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Schools to train for active role in survival
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MONROE - The Monroe school district will be taking a new approach this year to possible situations involving a dangerous person in school buildings.

Over the summer, 11 district employees - all administrators - received training for a program called "A.L.I.C.E." ALICE teaches individuals involved in an attacker situation, such as a school shooting, to take a more active role in their survival, rather than the standard school lockdowns.

Monroe High School Principal Chris Medenwaldt said the training required practicing what to do if there was an active shooter and running through different scenarios. Current practices would have teachers and students wait in a dark classroom, which they tried during the training.

"It was eerie to be basically sitting in a dark room and waiting for somebody to come," Medenwaldt told the school board at a meeting Monday. "Even though you knew it was fake, it still didn't feel very good. You felt helpless.

"This is what I'm going to do? Really? This is what I'm going to do? And after that I think it clicked for all of us. No, this is not what we're going to do."

ALICE stands for Alert, Lockdown, Inform, Counter and Evacuate, but the order of the words aren't meant to indicate the order actions should necessarily be taken.

Alert is the way people in a scenario find out about the danger - such as by the sound of a gunshot, loud noises or a text.

Lockdown is a "starting point," said Joe Monroe, the director of pupil services. In many instances, barricading a door might be enough to keep an attacker out, but sometimes barricades and locks might only be a time barrier.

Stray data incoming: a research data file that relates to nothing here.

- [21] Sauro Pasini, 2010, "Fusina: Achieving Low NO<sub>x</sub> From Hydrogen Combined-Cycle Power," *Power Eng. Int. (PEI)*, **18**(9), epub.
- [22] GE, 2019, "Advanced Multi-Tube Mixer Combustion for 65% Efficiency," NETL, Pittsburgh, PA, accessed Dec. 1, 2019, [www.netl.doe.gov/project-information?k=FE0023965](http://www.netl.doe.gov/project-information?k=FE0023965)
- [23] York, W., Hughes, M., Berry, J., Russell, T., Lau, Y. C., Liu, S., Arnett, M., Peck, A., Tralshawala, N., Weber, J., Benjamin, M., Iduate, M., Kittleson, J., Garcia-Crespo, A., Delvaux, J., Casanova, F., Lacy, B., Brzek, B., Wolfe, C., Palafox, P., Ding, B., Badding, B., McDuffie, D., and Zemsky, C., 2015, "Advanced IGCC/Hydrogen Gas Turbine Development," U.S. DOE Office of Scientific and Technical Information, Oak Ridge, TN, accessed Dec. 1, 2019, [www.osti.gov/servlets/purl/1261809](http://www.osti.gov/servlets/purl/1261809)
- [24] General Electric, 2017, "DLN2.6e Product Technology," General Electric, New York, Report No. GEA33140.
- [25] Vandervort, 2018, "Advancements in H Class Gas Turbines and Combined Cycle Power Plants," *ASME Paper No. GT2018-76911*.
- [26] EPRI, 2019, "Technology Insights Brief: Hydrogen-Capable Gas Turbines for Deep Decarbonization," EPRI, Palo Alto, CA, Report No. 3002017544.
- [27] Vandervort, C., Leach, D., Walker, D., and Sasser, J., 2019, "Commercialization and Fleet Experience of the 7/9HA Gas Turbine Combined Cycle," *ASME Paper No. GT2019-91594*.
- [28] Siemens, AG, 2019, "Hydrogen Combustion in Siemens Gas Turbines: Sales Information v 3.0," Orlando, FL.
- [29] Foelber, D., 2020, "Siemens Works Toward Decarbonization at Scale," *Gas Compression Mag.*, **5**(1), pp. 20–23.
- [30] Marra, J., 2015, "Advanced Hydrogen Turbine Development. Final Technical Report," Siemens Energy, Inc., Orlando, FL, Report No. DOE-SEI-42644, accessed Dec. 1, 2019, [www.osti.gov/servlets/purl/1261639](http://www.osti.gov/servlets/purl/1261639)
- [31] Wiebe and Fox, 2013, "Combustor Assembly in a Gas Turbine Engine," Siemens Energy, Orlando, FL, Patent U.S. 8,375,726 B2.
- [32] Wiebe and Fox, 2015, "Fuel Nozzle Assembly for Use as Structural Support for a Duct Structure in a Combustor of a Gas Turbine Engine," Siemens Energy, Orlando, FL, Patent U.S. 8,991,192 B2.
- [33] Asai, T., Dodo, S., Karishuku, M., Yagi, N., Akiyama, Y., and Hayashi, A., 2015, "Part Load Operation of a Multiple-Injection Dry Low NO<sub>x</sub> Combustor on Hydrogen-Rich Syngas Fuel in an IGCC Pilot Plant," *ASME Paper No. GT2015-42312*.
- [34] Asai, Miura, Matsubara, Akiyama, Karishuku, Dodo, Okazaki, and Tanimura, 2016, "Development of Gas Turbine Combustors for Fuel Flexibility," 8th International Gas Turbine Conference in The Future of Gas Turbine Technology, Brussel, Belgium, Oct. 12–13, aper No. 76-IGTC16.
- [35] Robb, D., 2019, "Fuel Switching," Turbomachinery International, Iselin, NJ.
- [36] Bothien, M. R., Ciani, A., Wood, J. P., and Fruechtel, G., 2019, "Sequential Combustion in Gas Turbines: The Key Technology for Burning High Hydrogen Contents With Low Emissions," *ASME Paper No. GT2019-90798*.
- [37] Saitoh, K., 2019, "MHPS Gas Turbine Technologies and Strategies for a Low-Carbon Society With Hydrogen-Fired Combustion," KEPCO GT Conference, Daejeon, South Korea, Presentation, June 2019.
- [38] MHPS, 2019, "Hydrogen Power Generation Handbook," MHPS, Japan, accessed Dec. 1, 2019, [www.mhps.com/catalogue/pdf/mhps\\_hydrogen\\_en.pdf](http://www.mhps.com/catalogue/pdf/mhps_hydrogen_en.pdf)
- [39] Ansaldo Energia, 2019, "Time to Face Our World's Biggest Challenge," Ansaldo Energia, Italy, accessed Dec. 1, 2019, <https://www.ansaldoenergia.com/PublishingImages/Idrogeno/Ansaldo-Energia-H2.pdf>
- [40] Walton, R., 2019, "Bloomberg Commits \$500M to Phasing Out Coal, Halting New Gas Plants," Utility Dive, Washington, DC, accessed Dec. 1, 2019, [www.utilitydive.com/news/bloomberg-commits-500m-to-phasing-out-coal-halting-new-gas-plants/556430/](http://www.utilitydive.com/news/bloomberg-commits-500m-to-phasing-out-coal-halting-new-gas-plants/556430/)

Inform is about informing those in the building of what's specifically going on, as close to a play-by-play of the shooter's whereabouts as possible. That way students and staff can make better decisions on what course of action to take.

Counter encompasses actions that might throw off or distract the shooter, such as shouting, moving or throwing something.

Evacuation is the main goal and includes teaching students, especially younger children, to "run silly," instead of running straight, Medenwaldt said. It also calls for having a pre-determined place to run to once away from immediate danger.

"It (ALICE) is really the idea that you can do what's best for you in your scenario," Medenwaldt said. "It might mean that you swarm somebody, it might mean that you barricade, it might mean all sorts of things. The idea is that you have choices and that you are free to do what's best with the information you have coming in to make sure you can survive."

According to District Administrator Cory Hirsbrun-ner, active plans like ALICE that include decision-making are recommended by the U.S. Department of Education, Wisconsin School Safety Coordinators Association, the FBI and other organizations.

Administrators who attended the ALICE training sessions in June and August are now qualified trainers, Hirsbrunner said. They will begin by rolling out information and training district staff this fall. Then students will be taken through "developmentally appropriate discussions" on hypothetical scenarios and will eventually run practice drills.

Monroe said students won't all be prepared in the same way because of the differences in age and development.

Two Monroe police officers also attended one of the ALICE sessions. Hirsbrunner said the district has been coordinating with the police department, and police are aware of the district's plans. She said the district will continue to communicate with police, the fire department, EMS and other community resources as the new safety plans are implemented. Parents of students in the district will also receive more information about the scenarios and drills throughout the year.

"None of us like to have to plan for these things, but unfortunately it's a part of our world," Monroe said.